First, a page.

Imported bricks are being used in the construction of the extended Thimphu TechPark building

Brick import hitting hard on local producers

Local brick producers are concerned about the sustainability of their enterprises if the import of building blocks and bricks from India continues.

The import of concrete blocks and bricks for construction of public infrastructure has continued despite a standing government order that requires government agencies and public corporations to use locally produced blocks.

The decision of the last government was aimed at achieving the overall goal of self-reliance by curbing imports, and to create employment. The government order was issued on December 9, 2015 following the decision of the 89th Lhengye Zhungtshog held on November 18 in the same year.

Today, some of the main construction sites where imported blocks and bricks are being used are the Bank of Bhutan Limited’s main building in Thimphu, the expanded building of the Thimphu TechPark, and the Bhutan Post building in Gelephu.    

Imported bricks are also being used in Thimphu thromde’s multi-storey car park.

An official, who did not want to be named, said that the executive order was issued in 2015 while the building design was finalised before that. He also said that Bank of Bhutan was advised that local bricks were not suitable for the design.

Chief Executive Officer of National Housing Development Corporation (NHDCL), Thinley Dorji, said that bricks used in the construction undertaken by the company were 100 percent local. “At times, however, projects get stalled due to lack of supply from local producers,” he said.

Bhutan imported blocks and bricks worth Nu 7.625 million (M) from India in 2016. The import value increased to Nu 28.222M in 2017, according to Bhutan Trade Statistics.

Owner of Phuentsholing-based Bhutan Concrete Bricks, Tenzin, said that although imported bricks were used in government constructions, the demand placed with local producers by agencies like NHDCL, the education ministry and Bhutan Postal Corporation saw an increase in the recent years.

“Most people mistake imported blocks that are similar to local blocks in colour for local blocks. The imported bricks are inferior in quality,” he said. He said that some factories would be selling blocks without obtaining certification from Bhutan Standard Bureau (BSB).

The government order states, “Import of blocks and bricks should only be allowed upon non-availability or non-feasibility of local materials with prior approval and written certification from concerned agencies and the project engineer in-charge.”

Proprietor of Yangjung Sonam Bricks and Still Fabrication Enterprise in Gelephu, Sonam Dorji, said that blocks worth Nu 3 million has remain ed unsold in his factory due to lack of demand.

He said import of Autoclaved Aerated Concrete Blocks and Cellular Lightweight Concrete Blocks that resemble locally produced bricks have affected local enterprises.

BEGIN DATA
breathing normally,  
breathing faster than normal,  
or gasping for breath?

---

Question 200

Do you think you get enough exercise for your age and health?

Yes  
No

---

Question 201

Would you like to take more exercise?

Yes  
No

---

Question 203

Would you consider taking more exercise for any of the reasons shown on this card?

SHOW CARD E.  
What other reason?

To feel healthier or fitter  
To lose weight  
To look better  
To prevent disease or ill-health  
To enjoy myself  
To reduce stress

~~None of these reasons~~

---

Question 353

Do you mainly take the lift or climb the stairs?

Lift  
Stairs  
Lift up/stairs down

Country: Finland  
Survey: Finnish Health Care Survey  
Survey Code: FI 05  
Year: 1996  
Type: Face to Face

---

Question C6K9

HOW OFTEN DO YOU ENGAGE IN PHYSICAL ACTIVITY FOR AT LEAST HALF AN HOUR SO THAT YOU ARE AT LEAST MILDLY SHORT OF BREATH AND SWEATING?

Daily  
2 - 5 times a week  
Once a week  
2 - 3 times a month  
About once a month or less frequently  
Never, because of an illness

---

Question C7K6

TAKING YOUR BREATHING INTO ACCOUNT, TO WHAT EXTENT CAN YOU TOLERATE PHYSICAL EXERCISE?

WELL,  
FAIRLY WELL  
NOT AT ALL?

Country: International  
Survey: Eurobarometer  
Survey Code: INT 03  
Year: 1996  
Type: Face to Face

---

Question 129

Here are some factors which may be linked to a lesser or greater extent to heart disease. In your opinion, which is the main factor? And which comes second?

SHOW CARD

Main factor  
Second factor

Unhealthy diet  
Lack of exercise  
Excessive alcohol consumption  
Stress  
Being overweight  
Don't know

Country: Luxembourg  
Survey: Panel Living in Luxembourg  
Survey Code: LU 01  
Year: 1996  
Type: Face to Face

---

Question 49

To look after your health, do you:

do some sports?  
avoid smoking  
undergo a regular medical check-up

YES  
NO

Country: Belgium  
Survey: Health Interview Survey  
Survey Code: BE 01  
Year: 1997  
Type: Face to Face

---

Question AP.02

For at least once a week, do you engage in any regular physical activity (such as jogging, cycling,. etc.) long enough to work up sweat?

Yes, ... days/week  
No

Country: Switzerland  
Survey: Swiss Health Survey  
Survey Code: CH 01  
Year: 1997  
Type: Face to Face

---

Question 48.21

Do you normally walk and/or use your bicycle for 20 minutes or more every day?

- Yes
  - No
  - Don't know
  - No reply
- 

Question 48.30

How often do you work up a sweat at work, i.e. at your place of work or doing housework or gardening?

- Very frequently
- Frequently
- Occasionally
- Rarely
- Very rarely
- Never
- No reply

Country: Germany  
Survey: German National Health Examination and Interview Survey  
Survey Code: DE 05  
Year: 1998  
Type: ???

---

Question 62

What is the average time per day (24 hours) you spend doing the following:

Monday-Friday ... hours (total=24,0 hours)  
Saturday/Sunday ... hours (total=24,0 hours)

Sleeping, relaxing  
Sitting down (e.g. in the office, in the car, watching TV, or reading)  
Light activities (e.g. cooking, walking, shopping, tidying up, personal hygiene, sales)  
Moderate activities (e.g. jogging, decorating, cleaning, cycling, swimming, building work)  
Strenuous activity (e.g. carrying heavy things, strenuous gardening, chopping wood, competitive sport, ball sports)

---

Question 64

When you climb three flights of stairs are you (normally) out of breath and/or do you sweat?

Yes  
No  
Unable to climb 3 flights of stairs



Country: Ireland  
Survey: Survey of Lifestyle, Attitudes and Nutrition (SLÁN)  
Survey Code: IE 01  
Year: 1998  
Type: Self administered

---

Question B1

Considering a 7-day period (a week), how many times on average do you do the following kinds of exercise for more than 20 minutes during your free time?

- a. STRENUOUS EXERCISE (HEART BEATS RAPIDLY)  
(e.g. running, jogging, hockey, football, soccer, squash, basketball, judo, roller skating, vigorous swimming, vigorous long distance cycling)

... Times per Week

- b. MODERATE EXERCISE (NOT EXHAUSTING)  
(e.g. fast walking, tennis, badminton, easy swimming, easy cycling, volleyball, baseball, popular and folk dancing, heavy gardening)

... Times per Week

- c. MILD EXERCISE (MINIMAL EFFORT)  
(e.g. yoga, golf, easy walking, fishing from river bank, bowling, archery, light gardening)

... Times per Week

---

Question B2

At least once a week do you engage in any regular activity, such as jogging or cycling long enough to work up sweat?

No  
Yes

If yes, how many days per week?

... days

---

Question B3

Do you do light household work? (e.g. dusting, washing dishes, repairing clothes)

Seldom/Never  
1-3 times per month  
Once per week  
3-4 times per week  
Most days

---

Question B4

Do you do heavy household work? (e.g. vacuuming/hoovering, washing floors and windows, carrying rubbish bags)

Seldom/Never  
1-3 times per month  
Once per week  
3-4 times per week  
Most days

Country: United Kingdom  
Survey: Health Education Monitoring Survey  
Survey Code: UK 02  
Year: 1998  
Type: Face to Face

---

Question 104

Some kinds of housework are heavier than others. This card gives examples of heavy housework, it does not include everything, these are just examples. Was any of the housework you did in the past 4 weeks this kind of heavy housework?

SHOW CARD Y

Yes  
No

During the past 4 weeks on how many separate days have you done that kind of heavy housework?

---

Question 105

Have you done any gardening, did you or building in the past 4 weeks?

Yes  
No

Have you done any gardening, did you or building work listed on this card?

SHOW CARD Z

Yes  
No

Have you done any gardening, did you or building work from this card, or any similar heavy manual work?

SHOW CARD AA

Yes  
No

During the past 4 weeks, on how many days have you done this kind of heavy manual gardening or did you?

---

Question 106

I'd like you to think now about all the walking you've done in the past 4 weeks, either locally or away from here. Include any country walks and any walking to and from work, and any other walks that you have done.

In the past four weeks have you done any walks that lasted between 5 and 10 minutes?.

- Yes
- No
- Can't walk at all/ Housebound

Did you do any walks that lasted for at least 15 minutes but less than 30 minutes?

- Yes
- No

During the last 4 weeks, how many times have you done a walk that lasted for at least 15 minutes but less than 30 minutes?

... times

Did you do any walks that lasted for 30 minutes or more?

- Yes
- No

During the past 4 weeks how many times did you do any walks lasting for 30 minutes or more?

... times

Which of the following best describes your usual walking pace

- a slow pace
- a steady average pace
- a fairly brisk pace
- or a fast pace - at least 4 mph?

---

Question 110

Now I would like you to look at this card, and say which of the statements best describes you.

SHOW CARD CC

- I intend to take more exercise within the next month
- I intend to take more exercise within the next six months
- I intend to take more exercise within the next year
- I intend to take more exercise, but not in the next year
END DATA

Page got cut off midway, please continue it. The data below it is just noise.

Sangay Tshewang, owner of Paro-based ST Bricks, said that lack of awareness among people and government agencies on the use of locally produced bricks was one of the reasons for the continued import of bricks from India. “We are used to importing bricks even if they are inferior in quality compared to local bricks.”

He said imported blocks were expensive by about Nu 6 to Nu 7 due to transportation costs.

A brick producer from Trongsa said that dzongdags and the dzongkhag engineering section should be held responsible and accountable to ensure that local bricks are used in construction of public infrastructure. He said that contractors should not be allowed to use bricks that do not have certification from BSB.

Most local brick owners, he said, availed of loans to set up a factory after the government issued the order to stop the import of bricks and that even private construction owners should be encouraged to use locally produced blocks. He added that repayment of the loans would be a concern if the import of bricks continues.

Foreign Minister Dr Tandi Dorji said that the government would encourage the use of locally produced construction materials including bricks to support local enterprises. “We will build on the previous government’s decision and also see if there are any issues that have led to non-compliance.”

The government has included the use of local products in its manifesto, which states that the government will support establishment of import substitution industries such as construction materials, wood-based industries, paper and agro-industries, among others.

“Green procurement policy will be implemented to encourage green technology. We will consider protecting these industries through preferential procurement by reviewing all trade agreements,” the manifesto states.

The executive order states that all heads of agencies, including architects, engineers and project planners are responsible for adoption of local bricks in constructions.

MB Subba

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